Education prize recipient awarded for accessible learning
Though she was a mathematics teacher at a night school at the time, she thought securing a learning place for people with disabilities was a more important task.
She established Chung-ju Open Special School in 2005 in North Chungcheong and this year was awarded at the 16th Korea’s Lifelong Education Awards held at the aT Center in Yangjae-dong, southern Seoul, on Monday. The event, organized by the Ministry of Education and co-sponsored by the National Institute for Lifelong Education and the JoongAng Ilbo, was aiming to reward people who contributed the spreading of lifelong education. Chung received an award in the individual category.
The school began in a 33-square-meter (355-square-foot) rented apartment with no desks. “I was confident that despite the lacking environment, my passion for teaching was second to none,” said Chung reminiscing about the past.
Chung’s school quickly began to garner interest, and not just from people with disabilities, but also from adults who hadn’t had the chance to further their education or who never had a chance to learn at all.
As more students came, Chung twice moved to larger places and added new classes including preparation for the university qualification exam and computer literacy. The school, which began with just three or four students, now has 200. Also, of the 6 special literacy education schools in Chungju, Chung’s school has held the title of producing the most students who passed the university qualification exam for seven years in a row.
Chung’s past experiences drove her interest in providing education for the less privileged. She was hired in a large company after graduating from a vocational high school but quit just two years later, despite the high salary, because she dreamed of attending university.
Unfortunately, after entering university and while preparing to study abroad in Australia, her dream was shattered. She was diagnosed with lupus, a systemic autoimmune disease that occurs when one’s immune system attacks its own tissues and organs. The disorder caused her whole body to become swollen. “It was harder to acknowledge the fact that I had to give up studying abroad rather than that I was sick” Chung said.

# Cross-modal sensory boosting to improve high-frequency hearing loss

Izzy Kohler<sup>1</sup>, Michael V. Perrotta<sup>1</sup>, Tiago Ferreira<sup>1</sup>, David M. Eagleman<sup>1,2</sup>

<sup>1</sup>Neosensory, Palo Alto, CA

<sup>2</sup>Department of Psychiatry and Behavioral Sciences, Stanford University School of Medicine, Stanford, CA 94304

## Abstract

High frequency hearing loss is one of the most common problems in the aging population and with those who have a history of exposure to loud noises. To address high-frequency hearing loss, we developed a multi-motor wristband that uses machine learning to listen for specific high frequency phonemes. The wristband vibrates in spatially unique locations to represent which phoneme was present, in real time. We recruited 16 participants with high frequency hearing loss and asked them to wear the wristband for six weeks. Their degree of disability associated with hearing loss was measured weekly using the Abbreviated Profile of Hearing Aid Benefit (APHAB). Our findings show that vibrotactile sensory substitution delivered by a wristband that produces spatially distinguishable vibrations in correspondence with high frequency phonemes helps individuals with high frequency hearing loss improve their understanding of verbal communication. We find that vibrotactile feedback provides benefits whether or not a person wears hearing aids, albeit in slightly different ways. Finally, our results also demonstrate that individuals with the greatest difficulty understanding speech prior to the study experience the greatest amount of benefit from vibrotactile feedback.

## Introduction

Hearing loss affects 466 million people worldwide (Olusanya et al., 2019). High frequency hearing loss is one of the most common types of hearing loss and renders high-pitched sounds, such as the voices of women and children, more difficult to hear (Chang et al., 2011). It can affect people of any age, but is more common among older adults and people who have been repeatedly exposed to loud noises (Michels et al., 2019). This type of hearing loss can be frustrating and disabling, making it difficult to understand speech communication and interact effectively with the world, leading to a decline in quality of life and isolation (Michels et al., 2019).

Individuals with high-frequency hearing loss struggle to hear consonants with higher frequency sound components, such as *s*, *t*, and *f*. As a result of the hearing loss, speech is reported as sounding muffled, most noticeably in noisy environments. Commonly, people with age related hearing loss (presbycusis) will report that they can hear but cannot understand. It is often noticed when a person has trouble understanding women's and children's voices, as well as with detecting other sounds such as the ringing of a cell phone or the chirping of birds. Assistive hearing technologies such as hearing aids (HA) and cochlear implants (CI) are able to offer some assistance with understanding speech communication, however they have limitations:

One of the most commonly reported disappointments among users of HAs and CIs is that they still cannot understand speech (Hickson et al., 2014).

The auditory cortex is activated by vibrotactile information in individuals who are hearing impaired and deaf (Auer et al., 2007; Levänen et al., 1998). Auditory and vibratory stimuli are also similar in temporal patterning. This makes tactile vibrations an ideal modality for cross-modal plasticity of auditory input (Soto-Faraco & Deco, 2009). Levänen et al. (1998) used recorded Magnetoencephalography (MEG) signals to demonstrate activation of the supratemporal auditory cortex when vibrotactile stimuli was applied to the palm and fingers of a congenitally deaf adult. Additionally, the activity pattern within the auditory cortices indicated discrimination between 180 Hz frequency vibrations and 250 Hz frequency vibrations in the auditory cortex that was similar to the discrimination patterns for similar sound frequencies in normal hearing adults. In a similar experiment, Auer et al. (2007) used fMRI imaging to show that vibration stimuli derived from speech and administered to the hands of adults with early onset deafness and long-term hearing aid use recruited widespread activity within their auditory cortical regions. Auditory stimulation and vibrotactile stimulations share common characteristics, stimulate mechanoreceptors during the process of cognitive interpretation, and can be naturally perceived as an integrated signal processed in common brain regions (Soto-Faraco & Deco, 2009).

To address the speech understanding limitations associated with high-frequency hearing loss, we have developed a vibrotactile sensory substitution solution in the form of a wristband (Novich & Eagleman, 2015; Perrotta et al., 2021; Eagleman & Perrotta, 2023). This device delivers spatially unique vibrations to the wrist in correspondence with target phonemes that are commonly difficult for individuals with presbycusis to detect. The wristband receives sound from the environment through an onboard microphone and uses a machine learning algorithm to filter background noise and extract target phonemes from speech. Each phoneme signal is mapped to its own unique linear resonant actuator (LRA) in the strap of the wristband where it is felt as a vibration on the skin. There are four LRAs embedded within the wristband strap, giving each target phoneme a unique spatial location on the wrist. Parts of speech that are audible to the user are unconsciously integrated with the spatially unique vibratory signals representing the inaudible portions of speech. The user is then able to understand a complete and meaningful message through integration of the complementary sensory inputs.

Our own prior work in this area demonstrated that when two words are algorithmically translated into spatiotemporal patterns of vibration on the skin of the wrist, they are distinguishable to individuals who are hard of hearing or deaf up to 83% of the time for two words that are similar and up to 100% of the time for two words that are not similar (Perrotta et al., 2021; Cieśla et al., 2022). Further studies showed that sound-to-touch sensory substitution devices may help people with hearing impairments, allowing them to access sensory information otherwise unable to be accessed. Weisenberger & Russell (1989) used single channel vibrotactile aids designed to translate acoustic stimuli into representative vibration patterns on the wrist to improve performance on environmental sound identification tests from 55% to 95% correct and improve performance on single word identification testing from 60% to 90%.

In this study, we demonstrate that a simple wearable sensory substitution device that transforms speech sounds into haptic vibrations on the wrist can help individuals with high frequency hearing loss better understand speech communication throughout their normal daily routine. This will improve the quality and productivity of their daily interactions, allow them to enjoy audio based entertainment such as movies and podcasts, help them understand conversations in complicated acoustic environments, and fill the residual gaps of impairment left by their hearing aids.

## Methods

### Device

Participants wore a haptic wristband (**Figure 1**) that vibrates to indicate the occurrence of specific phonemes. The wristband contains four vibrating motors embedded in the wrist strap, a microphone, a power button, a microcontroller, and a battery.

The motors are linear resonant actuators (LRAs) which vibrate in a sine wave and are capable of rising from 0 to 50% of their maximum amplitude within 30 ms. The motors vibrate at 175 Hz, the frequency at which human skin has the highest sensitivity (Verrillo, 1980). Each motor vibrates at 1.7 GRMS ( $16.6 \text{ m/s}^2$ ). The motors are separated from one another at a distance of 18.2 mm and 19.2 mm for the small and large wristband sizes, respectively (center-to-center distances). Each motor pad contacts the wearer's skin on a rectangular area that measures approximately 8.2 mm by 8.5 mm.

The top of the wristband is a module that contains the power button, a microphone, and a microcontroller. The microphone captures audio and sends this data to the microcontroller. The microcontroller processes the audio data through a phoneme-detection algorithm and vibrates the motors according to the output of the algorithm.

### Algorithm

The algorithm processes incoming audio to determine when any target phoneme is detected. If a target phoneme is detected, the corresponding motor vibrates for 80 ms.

But a newspaper advertisement for a night school teacher changed everything for Chung. She started her new life as a mathematics teacher at a night school for preparing for the university qualification exam. Then, she entered university again at the age of 27 in order to become a better teacher and acquired licenses for literacy education for the primary school curriculum, social work, child care and geriatric care. “I didn’t realize the fact that I was sick when I was studying,” Chung said. “I want to help provide education for the less privileged to the best of my ability.”
“The only way to respond proactively toward the future change in the fourth industrial revolution is learning,” Yoo Eun-hae, the deputy prime minister for society and education minister, said at the award ceremony. “It is the time to plan a new life beyond school education.”
Another award recipient in the individual category was 68-year-old Sung Gwang-ho who became a master of boiler systems despite losing his right index finger in an accident at the age of three. He also lost his father at the age of 15 and mother at 21, but he never gave up learning. Although Sung learned the intricacies of boiler systems in early adulthood, he acquired some technical licenses including one related to heat control and environmental management engineering. Sung, through lifelong education, became a master of boiler systems of Korea in 2002 and was selected as a Korean master technician in 2008.
“I don’t think opportunities come on their own. We need to create them,” Sung said. “I kept studying despite the poor circumstances, and it helped me to achieve my dream.”
BY JEON MIN-HEE, CHEA SARAH [firstname.lastname@example.org ]
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